Hippo-shaped asteroid skims past Earth on closest approach for 400 years

Mile-long rock shaped like water-loving pachyderm is rotating lazily through space under close watch by scientists who feared it could be on a collision course

Alex Matthews-King
Monday 24 December 2018 12:43 GMT
The asteroid, which flew safely past Earth on Saturday
The asteroid, which flew safely past Earth on Saturday

A mile-long, hippo-shaped asteroid which scientists have been tracking because of a potential collision risk with Earth has skimmed by on its closest approach for more than 400 years.

Astronomers caught the closest glimpse of near-Earth asteroid 2003 SD220 to date, with radar images revealing an uncanny resemblance to a “hippopotamus wading into a river”.

On Saturday the asteroid flew past at a distance of 1.8 million miles away from Earth and a closer pass will not occur until 2070.

SD220 was discovered in 2003 and is one of a number of “near-Earth objects” kept under close surveillance by astronomers because of the risk it may come too close for comfort.

It had been defined as a “potentially hazardous asteroid” because of its size and close approach, but the new radar images have allowed experts to conclude it is not on a collision course.

Radar images capture in DS220's in resolution of 12 foot per pixel

"The radar images achieve an unprecedented level of detail and are comparable to those obtained from a spacecraft flyby,” said Lance Benner of the Jet Propulsion Laboratory in Pasadena, California, who led the observations.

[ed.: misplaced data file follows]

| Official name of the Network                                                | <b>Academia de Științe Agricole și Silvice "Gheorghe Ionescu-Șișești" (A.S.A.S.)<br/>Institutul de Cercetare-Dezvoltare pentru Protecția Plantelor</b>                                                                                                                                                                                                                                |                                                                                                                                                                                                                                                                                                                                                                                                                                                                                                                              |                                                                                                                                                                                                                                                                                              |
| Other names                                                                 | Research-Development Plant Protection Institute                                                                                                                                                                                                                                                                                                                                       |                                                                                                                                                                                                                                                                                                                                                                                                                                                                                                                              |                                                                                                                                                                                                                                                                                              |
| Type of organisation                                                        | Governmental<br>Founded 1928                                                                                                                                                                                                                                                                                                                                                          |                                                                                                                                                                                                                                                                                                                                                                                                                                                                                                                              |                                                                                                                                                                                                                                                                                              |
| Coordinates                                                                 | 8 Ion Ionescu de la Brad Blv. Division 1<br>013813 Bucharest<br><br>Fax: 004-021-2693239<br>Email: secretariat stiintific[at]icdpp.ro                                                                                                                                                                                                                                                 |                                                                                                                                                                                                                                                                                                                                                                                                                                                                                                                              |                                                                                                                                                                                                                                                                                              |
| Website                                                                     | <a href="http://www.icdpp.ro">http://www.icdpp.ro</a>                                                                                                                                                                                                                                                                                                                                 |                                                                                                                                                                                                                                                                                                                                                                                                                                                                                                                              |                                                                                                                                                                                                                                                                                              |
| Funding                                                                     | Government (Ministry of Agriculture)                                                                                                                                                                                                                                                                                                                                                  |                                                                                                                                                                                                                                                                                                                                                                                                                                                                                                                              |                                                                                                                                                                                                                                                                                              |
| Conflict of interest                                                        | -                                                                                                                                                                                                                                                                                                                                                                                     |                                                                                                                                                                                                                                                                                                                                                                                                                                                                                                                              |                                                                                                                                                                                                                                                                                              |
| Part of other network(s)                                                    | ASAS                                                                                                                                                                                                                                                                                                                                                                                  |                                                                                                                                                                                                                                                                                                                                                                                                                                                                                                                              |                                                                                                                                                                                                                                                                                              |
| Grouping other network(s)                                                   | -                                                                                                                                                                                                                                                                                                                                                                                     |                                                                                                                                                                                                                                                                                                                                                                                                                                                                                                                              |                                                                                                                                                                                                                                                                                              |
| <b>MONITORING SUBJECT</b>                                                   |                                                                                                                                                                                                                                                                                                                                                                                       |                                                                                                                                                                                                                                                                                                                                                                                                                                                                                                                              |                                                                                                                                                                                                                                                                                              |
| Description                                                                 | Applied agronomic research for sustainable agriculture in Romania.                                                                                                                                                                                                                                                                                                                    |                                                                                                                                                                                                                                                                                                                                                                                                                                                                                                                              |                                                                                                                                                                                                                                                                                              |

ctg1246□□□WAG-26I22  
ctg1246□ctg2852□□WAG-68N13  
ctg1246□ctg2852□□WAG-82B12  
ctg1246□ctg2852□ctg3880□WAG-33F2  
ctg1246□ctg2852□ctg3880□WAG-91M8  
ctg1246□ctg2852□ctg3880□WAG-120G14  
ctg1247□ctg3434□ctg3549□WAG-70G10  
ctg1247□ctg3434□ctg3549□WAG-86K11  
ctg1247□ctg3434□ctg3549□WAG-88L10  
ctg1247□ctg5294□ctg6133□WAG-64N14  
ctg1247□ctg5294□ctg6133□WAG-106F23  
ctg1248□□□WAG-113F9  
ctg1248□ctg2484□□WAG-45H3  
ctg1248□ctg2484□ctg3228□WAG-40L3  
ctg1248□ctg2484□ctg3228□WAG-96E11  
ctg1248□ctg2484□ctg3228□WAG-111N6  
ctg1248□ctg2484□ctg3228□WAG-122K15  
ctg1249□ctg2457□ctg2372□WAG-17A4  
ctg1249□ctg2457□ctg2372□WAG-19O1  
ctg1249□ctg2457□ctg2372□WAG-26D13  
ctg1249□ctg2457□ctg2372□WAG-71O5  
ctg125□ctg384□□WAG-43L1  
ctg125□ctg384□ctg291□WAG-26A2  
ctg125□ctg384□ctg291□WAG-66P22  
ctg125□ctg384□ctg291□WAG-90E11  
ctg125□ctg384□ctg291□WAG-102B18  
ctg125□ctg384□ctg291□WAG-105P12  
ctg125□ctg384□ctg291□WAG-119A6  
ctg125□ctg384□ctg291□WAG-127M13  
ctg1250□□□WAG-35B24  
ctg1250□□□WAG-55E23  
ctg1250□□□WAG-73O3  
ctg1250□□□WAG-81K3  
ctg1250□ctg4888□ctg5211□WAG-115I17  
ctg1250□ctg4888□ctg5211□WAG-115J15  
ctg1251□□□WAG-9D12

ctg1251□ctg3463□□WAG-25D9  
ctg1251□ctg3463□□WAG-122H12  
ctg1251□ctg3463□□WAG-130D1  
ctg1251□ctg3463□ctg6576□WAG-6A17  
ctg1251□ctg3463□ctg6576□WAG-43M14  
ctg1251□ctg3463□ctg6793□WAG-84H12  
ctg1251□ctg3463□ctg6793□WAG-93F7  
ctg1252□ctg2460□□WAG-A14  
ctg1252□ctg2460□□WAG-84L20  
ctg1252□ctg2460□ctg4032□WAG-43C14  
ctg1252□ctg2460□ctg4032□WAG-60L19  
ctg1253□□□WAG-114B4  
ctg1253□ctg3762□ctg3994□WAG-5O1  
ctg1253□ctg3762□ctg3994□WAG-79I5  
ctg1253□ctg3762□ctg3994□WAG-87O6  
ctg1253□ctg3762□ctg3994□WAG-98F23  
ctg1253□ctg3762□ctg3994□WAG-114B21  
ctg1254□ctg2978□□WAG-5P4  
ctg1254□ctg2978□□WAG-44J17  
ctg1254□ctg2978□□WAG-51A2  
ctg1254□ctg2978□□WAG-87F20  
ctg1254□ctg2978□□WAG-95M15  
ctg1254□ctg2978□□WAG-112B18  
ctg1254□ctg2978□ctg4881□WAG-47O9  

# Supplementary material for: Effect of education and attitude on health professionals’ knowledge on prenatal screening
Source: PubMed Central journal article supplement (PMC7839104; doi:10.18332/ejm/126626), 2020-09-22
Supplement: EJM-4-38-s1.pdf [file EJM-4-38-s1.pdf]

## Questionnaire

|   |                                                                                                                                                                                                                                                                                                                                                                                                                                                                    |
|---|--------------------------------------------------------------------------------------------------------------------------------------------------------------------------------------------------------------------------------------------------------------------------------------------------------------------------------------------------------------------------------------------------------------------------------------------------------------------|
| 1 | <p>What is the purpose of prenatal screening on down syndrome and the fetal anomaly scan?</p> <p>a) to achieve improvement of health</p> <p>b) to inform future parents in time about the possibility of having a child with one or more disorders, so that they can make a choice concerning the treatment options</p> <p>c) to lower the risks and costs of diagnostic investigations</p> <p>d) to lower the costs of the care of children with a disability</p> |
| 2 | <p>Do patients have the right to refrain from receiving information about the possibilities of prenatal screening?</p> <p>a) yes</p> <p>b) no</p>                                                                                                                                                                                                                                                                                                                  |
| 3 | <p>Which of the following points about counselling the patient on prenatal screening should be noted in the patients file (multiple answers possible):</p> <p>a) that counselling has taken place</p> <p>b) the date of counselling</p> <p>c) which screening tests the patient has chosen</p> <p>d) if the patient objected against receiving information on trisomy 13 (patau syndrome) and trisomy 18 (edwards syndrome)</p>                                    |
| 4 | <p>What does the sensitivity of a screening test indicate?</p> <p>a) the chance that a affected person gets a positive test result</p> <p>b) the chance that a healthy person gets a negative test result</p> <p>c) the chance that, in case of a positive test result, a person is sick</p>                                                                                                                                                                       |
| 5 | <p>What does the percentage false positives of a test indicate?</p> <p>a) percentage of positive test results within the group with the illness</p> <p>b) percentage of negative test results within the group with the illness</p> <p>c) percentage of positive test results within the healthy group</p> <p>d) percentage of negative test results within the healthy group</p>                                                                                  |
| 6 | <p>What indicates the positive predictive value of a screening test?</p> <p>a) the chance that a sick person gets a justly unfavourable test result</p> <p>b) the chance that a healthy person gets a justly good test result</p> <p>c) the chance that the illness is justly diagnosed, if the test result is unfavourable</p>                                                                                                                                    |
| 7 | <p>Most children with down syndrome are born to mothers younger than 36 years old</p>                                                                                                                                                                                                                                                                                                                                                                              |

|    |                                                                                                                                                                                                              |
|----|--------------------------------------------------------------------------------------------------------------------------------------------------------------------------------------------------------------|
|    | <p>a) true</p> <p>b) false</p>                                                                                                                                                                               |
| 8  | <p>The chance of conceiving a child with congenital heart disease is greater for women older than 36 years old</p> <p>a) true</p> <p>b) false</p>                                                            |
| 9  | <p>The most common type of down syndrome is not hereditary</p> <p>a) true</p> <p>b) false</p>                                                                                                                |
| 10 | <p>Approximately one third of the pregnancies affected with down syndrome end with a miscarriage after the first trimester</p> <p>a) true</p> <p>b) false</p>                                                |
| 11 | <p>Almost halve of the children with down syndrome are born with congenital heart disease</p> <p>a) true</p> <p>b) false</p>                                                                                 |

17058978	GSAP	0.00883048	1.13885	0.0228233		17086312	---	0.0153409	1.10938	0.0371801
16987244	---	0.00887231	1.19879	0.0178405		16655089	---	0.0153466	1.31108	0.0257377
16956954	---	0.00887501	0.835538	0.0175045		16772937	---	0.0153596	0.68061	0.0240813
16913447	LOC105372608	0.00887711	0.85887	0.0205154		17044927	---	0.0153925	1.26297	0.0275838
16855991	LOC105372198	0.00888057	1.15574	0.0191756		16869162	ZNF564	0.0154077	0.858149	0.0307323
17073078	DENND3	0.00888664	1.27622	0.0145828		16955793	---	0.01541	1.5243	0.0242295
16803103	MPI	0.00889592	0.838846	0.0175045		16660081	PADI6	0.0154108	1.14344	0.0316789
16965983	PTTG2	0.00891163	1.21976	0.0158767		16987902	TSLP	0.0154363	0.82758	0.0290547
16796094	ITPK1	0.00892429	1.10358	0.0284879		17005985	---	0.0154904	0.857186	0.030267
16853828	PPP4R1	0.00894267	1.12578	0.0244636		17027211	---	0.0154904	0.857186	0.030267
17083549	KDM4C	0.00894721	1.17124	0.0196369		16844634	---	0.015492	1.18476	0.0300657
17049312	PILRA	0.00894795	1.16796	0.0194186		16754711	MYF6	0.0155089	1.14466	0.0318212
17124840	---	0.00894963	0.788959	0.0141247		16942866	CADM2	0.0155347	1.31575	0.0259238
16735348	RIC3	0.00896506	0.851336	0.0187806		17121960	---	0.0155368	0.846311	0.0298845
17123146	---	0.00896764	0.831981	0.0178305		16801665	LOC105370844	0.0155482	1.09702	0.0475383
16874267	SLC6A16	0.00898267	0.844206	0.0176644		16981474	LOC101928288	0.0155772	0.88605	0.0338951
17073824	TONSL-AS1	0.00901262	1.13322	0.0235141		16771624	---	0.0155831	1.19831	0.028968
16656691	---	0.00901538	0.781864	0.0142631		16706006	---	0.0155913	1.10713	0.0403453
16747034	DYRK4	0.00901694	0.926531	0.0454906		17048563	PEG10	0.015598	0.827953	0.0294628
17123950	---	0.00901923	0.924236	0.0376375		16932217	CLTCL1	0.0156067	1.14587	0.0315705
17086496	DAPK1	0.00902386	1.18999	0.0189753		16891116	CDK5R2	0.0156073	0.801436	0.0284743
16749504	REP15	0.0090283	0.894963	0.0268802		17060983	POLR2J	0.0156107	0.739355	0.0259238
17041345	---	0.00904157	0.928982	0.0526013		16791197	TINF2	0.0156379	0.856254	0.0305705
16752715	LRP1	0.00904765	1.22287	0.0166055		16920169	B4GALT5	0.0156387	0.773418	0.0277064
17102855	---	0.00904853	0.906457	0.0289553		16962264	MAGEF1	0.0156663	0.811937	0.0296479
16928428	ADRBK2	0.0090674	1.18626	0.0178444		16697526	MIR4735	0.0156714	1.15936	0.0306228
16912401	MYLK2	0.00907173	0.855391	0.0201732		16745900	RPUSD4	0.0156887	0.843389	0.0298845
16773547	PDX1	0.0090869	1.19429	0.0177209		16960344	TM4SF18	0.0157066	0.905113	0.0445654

“The most conspicuous surface feature is a prominent ridge that appears to wrap partway around the asteroid near one end.

“The ridge extends about 330 feet (100 metres) above the surrounding terrain. Numerous small bright spots are visible in the data and may be reflections from boulders.

“The images also show a cluster of dark, circular features near the right edge that may be craters.”

The images were achieved by coordinating three massive radio telescopes: Nasa’s 70-metre diameter antenna at the Goldstone Deep Space Communications Complex in California, the National Science Foundation’s 100m antenna in West Virginia, and Puerto Rico's Arecibo Observatory, which has a diameter of 305 metres and featured in closing scenes of the film Goldeneye.

Picture: (H Schweiker/WIYN and NOAO/AURA/NSF/Wikimedia Commons)

They confirm scientists’ suspicions from early images that SD220 has an unusual type of spin. It rotates slowly, once every 12 days, but rather than spinning around its shortest axis – the most common feature of near-Earth asteroids, it has an apparently wobbly spin like a poorly thrown rugby ball.

Understanding this pattern has helped refine its movements and safely discount the risk of a collision.

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